As military history struggled in the university throughout the late 1970s, conflict-resolution and peace-studies curricula spread on campuses. By 2022, there were over eighty-seven colleges and universities offering peace-studies and conflict-resolution degrees. (About 1,200 such degrees were completed per year.) In contrast, there were less than half that number of schools that offered either a BA, MA, or Ph.D. in military history. The British military historian Max Hastings recently summed up the scarcity of military history on university and college campuses. “The revulsion from war history may derive not so much from students’ unwillingness to explore the violent past,” he suggested, “but from academics’ reluctance to teach, or even allow their universities to host, such courses.”
Stubborn historians of war and their students naturally became dubious of all conflict. The general anxiety is akin to the suspicion that oncologists who study cancer are ipso facto fond of malignancy, or those who insist on fixed human nature across time and space are faith-based denialists of modern neuroscience, biology, or social science.
Yet it is hard to argue that the United Nations has prevented any more wars than did the short-lived League of Nations, which collapsed on the eve of World War II. What prevented the Soviet Red Army from entering Western Europe after 1949 was not a UN commission but the armed nato alliance and U.S. nuclear deterrence. What saved South Korea was the U.S. military and a rare moment when the United Nations authorized a multilateral armed force to resist Chinese and North Korean aggression.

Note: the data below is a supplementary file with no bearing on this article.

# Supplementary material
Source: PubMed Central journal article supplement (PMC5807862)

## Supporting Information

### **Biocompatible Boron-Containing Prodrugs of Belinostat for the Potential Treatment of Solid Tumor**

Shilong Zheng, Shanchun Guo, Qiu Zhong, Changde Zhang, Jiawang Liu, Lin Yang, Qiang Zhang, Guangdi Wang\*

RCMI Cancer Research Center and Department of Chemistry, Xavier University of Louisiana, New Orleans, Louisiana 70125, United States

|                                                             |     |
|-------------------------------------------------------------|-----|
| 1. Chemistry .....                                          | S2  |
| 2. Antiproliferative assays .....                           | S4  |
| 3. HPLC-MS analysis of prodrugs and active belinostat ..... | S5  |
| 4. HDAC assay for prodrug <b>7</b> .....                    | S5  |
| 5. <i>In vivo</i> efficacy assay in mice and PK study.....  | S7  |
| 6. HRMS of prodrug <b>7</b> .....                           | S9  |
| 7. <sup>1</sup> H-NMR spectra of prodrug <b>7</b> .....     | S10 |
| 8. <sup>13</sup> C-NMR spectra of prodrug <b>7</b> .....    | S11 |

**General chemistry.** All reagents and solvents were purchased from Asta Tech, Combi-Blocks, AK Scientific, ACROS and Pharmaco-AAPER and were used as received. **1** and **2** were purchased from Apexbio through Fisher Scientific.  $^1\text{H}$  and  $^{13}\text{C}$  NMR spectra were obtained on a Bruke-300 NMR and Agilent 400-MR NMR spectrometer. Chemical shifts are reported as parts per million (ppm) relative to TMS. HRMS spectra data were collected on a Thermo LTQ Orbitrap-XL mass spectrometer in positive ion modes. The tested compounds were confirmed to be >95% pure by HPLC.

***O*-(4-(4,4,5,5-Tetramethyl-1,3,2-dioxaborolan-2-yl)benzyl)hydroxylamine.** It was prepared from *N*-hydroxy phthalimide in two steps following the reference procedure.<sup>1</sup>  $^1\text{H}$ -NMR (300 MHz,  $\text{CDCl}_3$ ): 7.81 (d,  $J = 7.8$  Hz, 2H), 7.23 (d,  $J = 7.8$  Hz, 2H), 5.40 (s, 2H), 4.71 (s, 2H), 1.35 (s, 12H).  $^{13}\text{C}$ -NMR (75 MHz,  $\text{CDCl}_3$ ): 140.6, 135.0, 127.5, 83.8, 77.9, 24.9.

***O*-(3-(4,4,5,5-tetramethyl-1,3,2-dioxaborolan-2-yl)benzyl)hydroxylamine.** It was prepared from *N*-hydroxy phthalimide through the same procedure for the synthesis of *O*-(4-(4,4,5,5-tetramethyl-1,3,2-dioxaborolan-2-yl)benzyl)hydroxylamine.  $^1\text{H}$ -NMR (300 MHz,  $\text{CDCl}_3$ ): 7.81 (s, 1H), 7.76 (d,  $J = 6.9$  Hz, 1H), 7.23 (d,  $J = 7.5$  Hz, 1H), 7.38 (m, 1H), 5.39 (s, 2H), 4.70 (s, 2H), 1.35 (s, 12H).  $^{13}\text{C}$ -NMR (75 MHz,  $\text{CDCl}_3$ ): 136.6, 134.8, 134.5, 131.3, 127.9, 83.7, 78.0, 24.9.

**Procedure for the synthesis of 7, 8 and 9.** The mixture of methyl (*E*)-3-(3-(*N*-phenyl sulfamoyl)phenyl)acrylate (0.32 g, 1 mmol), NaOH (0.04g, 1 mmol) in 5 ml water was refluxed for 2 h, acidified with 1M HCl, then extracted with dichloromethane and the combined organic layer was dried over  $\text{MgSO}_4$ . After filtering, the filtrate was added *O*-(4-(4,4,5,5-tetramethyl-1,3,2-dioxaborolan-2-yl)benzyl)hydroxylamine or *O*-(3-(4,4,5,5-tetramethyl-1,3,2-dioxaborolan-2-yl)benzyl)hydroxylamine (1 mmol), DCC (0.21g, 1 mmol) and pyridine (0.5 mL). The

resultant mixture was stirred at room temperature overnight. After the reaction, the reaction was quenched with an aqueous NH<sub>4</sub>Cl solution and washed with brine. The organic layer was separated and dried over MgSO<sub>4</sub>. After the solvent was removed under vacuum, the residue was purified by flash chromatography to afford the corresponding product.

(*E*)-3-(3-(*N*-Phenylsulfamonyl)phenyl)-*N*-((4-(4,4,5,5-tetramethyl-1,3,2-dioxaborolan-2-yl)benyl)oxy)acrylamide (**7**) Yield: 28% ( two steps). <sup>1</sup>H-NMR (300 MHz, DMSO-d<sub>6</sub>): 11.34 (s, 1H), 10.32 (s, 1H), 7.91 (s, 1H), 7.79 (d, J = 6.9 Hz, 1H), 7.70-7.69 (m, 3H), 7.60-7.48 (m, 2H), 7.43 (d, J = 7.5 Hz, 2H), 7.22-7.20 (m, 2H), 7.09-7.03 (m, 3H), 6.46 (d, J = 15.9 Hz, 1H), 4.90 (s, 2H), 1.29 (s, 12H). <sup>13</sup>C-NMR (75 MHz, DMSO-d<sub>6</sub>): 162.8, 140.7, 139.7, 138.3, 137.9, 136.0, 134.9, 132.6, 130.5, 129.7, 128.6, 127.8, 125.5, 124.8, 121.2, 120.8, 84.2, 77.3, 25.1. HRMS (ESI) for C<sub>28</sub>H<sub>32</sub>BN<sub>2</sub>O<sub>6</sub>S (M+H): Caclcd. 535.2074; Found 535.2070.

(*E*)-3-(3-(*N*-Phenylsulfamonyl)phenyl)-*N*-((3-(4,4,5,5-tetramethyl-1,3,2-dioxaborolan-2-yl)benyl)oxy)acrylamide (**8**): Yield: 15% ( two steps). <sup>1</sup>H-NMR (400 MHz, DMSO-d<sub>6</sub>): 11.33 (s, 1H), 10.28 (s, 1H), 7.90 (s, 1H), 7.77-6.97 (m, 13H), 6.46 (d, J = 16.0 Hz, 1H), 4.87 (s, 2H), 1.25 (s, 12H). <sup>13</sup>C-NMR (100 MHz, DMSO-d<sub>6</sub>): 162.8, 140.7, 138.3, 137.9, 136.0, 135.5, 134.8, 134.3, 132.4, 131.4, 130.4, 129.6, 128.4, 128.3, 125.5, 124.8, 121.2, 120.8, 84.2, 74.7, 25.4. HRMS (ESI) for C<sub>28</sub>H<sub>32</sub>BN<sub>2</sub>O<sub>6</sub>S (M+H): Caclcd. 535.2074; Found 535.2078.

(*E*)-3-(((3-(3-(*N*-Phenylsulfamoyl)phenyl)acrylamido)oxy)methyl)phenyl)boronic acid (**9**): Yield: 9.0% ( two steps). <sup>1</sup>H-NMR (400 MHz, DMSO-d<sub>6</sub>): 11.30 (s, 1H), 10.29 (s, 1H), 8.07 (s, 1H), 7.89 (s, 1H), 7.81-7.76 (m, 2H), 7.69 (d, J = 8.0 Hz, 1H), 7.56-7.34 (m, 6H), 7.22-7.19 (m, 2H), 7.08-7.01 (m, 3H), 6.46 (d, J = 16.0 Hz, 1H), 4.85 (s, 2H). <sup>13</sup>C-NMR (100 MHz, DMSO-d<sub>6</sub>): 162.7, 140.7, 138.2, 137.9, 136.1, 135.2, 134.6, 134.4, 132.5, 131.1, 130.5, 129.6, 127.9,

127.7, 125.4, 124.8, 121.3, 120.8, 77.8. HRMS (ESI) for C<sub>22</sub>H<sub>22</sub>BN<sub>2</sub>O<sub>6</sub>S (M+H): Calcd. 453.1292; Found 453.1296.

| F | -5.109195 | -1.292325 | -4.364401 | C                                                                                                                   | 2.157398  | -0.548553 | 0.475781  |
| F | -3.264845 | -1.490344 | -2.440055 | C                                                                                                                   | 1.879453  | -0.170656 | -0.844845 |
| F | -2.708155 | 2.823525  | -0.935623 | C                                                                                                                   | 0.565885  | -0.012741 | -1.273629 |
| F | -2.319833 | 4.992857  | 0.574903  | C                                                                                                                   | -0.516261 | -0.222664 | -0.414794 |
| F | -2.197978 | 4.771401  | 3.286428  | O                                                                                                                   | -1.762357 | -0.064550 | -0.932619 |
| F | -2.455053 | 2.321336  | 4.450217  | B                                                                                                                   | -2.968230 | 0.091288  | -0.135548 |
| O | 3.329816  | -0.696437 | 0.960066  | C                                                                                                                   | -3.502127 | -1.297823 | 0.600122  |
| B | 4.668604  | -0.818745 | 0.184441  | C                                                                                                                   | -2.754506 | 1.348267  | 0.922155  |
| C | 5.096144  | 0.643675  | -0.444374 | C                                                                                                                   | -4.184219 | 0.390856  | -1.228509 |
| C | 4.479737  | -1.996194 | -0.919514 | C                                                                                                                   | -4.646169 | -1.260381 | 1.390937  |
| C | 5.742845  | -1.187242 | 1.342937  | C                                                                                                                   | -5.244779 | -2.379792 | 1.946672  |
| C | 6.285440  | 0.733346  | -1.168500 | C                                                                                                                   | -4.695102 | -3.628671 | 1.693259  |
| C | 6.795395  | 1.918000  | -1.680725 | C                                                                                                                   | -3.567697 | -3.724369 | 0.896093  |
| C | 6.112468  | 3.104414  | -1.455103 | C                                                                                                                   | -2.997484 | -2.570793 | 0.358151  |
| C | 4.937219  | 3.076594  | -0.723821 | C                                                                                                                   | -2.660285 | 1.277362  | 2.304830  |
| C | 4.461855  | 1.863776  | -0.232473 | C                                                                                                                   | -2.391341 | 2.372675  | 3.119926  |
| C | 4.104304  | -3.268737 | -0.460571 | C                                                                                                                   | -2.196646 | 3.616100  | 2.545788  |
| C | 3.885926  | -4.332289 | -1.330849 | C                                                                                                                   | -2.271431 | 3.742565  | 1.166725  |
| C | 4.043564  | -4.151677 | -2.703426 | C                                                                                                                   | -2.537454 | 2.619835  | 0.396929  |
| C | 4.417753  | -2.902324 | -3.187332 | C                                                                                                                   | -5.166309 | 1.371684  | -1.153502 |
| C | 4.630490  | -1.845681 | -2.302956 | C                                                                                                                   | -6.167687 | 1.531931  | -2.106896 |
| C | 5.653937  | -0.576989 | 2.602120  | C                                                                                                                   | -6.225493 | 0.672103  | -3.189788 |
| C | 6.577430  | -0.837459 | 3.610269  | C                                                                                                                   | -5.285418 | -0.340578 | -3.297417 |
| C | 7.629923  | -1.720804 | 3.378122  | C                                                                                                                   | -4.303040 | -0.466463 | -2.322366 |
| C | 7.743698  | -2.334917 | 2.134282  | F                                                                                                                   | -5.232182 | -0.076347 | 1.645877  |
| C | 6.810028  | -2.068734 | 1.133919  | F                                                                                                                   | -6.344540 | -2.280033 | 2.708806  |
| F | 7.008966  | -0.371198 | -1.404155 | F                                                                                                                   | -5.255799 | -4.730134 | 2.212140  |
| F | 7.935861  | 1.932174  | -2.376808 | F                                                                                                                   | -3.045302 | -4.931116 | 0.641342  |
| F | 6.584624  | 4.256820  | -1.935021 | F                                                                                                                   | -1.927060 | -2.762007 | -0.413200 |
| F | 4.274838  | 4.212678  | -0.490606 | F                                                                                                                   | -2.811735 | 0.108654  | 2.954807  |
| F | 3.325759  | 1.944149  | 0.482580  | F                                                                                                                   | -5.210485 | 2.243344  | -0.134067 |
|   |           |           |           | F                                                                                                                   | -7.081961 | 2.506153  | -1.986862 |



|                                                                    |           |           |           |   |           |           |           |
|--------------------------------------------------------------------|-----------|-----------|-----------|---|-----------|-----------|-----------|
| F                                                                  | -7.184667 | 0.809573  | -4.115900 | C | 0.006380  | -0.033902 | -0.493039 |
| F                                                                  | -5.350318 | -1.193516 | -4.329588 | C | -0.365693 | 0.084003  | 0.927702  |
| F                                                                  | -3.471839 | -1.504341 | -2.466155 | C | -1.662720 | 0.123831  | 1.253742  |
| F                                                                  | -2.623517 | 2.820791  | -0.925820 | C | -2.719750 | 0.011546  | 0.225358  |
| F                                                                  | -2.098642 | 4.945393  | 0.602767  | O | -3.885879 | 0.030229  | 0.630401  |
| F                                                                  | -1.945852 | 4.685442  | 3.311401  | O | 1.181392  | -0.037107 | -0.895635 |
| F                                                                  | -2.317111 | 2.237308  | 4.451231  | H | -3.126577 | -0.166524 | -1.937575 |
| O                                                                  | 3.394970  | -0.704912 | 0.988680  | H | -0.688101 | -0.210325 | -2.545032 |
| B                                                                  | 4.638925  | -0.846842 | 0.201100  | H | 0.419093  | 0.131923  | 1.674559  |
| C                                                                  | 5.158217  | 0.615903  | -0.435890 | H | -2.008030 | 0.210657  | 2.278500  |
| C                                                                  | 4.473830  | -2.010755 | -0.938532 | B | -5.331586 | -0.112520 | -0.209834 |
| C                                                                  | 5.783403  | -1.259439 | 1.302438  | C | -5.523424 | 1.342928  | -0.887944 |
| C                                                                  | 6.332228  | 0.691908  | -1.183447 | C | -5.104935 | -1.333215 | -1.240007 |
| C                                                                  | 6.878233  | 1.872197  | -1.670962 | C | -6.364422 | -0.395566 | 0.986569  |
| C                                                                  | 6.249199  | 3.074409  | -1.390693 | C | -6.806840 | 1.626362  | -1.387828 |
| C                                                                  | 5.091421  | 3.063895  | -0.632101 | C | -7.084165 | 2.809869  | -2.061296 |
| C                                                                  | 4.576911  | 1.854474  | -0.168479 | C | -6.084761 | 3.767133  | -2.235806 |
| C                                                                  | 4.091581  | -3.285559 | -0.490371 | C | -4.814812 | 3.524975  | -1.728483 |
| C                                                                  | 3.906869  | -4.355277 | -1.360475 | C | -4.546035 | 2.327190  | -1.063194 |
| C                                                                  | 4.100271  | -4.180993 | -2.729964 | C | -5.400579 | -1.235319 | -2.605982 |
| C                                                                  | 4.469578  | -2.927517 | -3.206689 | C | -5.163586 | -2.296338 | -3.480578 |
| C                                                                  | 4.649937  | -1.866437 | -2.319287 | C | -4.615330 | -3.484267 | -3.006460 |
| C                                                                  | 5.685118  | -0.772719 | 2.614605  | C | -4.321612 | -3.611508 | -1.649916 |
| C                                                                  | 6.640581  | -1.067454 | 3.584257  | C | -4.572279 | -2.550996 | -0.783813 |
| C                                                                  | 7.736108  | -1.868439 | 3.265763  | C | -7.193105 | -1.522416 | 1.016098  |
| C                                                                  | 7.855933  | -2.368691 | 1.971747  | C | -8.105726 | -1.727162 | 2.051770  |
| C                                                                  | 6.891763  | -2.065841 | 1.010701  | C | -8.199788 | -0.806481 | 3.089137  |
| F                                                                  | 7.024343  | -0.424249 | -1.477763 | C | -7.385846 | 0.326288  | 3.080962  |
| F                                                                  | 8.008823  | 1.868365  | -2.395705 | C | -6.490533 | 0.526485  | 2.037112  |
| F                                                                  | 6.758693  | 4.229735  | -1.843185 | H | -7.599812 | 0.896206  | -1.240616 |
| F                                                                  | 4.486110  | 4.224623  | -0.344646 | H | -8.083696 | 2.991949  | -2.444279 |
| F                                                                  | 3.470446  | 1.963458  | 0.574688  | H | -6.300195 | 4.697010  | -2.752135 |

Deductive peace-studies programs have little record of being more valuable than inductive military history in preparing the citizen to evaluate ongoing wars, prevent future ones, or achieve lasting peace. After the 1960s, certainly, the rise of peace-studies programs did not coincide either with an American avoidance of war or increased success in it. Nonetheless, social science and therapeutic approaches to war insidiously replaced the ancient Thucydidean idea that studying prior conflicts can instruct those in the present to avoid the strategic errors and military fallacies of the past.
In the post–Cold War era, a second series of wars followed, mostly marked by voluntary U.S. interventions in Iraq, Afghanistan, Syria, and Libya. And most ended either in chaos, stalemate, or American defeat. Over seven thousand American soldiers died in wars in Afghanistan and the second war in Iraq—to say nothing of the hundreds of thousands of dead Iraqis and Afghans—without victory or much clear strategic success in Western nation-building.
War itself grew synonymous among American cultural elites with supposed Western chauvinism, neocolonialism, and oil-driven imperialism.
All these expeditionary wars, some of them decades long, were optional. They only occasionally proved successful in meeting their stated goals. For the most part they were waged within the oil- and terrorist-rich Islamic Middle East. As a result, war itself grew synonymous among American cultural elites with supposed Western chauvinism, neocolonialism, and oil-driven imperialism. It is a truism that when a nation wages optional, costly, and ineffective wars, support for military-history studies usually declines—either due to an instinctual recoil from the very mention of war or from a practical sense that strategists were not aided by their formal studies. And, of course, this causes a vicious cycle as the decline in military-history studies then leads to more poorly thought-out wars.